If you’re in the market for a new lens, you’ve likely come across some new acronyms. One of them is a VR lens, which stands for Vibration Reduction.
VR (Vibration Reduction) and IS (Image Stabilization) are lens systems which help photography. With these systems added, the price goes up- and for the right reason. But what does it all mean? What is Vibration Reduction?
What Is Vibration Reduction or Image Stabilization?
When you use cameras and lenses handheld, you can’t help but have minor tremors because of the weight. VR and IS is a system that prevents camera shake from causing blur in your photograph.
VR and IS exist in both cameras and lenses. These systems can work together or be independent. The type depends on the lens, camera body and brand.
Tripods, gimbals, and other mounts are an option, but the majority of camera use is handheld. As such, image stabilization can become an essential feature.
How Does the Vibration Reduction System Work?
Zooming and narrower aperture create the need for IS or VR. Most fixed focal length lenses have a wide enough aperture that Vibration Reduction is not needed.
There are different kinds of image stabilization systems. The most common are optical, dual and internal gyroscope stabilization. These ensure that the sensor remains in the same position at all times, preventing blur.
Internal gyroscopes float the sensor on a gyroscope-type mechanical system. They keep the sensor floating in the same spot. Optical stabilization uses hardware to eradicate image shake.
Digital stabilization, as the name implies, uses software to correct camera shake. Dual stabilization is when you pair a lens with image stabilization and a camera with internal stabilization.
Both systems work in tandem to ensure the footage is solid.
Which system is better? It depends on the camera itself. None are perfect, but neither is better than the other. The camera or lens gets built with what will work best.
The Difference in Camera Brands.
Each camera brand has its own patented design to stabilize photographs.
Nikon’s Vibration Reduction allows you to shoot up to four stops slower than with a non-VR lens. This is great for those that photograph concerts or low light conditions. Vibration Reduction works when a compatible lens attaches to a compatible DSLR camera.
Two sensors inside the lens can sense movement. One sensor can figure out vertical. The other sensor can understand the horizontal movement. Together they can diagnose diagonal motion.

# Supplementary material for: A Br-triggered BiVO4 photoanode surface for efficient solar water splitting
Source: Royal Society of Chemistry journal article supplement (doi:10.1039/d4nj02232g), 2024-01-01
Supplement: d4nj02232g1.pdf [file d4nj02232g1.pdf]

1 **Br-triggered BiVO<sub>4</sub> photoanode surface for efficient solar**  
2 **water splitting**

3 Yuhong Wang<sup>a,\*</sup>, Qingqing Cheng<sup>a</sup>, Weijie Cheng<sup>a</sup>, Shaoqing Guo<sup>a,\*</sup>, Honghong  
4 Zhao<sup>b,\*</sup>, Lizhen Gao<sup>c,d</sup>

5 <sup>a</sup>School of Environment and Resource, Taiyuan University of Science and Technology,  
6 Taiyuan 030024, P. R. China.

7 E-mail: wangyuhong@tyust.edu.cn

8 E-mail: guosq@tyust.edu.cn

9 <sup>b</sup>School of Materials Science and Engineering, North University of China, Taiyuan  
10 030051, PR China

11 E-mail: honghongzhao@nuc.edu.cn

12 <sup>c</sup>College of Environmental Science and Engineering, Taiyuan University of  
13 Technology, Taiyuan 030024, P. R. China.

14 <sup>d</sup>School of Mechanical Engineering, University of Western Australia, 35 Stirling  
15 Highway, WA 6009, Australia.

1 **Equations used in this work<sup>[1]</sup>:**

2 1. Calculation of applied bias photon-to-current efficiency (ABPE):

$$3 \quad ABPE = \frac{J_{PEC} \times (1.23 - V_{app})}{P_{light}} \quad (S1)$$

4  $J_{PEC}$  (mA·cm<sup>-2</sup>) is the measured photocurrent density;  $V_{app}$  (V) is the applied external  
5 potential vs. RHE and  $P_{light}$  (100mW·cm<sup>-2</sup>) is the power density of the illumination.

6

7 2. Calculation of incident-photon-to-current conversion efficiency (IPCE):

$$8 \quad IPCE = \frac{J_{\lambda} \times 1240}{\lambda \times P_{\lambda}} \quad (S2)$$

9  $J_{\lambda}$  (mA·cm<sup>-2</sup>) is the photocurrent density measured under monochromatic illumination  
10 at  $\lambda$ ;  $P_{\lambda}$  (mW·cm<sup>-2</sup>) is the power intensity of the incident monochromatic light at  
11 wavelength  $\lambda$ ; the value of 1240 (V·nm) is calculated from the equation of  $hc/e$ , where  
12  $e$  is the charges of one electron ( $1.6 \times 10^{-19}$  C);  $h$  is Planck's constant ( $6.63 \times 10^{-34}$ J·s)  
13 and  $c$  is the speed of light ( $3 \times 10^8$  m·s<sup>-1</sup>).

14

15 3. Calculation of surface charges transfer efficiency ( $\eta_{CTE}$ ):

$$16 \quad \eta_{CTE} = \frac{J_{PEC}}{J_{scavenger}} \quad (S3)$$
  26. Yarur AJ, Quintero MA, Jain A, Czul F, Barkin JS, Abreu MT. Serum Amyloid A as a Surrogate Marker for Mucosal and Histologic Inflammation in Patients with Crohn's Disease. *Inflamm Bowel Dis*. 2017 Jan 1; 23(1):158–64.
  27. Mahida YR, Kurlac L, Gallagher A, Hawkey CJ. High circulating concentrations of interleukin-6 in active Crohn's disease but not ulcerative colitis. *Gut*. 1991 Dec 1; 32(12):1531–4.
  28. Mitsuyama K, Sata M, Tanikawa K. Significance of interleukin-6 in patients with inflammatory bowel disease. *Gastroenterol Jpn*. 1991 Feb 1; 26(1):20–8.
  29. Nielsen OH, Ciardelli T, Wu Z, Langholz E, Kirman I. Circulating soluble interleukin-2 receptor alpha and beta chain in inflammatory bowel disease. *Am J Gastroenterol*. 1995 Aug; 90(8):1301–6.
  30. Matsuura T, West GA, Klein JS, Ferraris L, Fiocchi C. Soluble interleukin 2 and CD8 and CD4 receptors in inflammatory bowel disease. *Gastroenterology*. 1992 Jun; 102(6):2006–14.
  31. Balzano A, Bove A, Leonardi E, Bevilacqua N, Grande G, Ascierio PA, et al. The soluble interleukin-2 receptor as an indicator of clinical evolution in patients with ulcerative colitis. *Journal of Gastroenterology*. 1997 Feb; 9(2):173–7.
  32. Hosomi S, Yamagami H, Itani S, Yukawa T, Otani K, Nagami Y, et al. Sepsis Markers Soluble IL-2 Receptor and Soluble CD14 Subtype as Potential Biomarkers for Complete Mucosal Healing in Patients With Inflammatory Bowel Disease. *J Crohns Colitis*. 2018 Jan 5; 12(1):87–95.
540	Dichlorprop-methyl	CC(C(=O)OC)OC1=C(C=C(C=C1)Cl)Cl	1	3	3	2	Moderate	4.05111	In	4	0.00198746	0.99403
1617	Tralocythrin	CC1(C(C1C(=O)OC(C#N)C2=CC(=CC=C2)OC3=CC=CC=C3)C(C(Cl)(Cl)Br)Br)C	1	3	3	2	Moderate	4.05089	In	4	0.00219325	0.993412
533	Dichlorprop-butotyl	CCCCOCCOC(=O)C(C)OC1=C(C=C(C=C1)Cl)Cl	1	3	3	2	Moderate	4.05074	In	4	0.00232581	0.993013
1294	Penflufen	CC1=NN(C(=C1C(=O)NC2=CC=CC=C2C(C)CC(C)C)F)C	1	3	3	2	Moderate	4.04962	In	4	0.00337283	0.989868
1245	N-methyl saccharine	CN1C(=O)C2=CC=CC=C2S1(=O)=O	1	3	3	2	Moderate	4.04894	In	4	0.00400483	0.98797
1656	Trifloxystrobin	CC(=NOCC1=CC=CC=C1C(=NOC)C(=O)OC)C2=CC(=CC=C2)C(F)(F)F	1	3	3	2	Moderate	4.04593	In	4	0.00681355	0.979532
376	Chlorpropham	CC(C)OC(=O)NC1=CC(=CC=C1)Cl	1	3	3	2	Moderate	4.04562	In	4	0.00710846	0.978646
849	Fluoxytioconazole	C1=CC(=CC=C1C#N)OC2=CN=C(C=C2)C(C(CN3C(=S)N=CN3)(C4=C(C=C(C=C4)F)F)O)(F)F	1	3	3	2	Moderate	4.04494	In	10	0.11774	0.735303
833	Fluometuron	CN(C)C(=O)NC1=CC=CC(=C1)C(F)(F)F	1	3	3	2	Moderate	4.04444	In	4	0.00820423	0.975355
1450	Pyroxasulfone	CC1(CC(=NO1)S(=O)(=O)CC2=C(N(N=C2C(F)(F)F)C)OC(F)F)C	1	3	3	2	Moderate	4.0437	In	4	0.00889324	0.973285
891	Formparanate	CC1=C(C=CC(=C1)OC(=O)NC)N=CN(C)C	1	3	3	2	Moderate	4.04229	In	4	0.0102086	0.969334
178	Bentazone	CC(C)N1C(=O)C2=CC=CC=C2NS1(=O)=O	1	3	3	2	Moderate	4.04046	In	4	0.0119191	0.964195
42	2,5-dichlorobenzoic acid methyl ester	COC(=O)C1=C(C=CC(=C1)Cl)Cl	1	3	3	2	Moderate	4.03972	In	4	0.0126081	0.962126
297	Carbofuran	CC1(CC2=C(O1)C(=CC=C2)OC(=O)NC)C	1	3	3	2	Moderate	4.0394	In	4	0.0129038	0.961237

The sensors send this information over to a small computer inside of the lens. This will determine how much the stabilizer needs to move to counter the camera’s shake.
The data gets sent to the motors that drive the stabilizer elements to compensate for the motion. This makes sure that your movement doesn’t affect the sensitive internal components. The result is a photograph with no camera shake.
Canon’s Image Stabilization is similar to an extent. Canon developed its system in 1995. It creates opposing movement inside the lens, offsetting all outside movement. This cancels the action out and prevents blurring.
When you press the shutter, a stabilization lens group releases inside of the lens itself. Two gyro sensors start-up and detect the speed and angle of any camera movement. The collected information gets sent to a computer which tells the lens what to do.
These instructional details get sent to the stabilization lens group. The data determines the speed and direction to counteract the unwanted movement. The system repeats itself in fractions of seconds so new movement is also corrected!
Sony’s Balanced Optical SteadyShot is a gimbal system. This gimbal system works in a different manner from other brands. The company touts it to be more productive.
Sony’s gimbal shifts the entire inside of the lens unit instead of parts of it. This allows stabilization when taking a photograph while walking or running.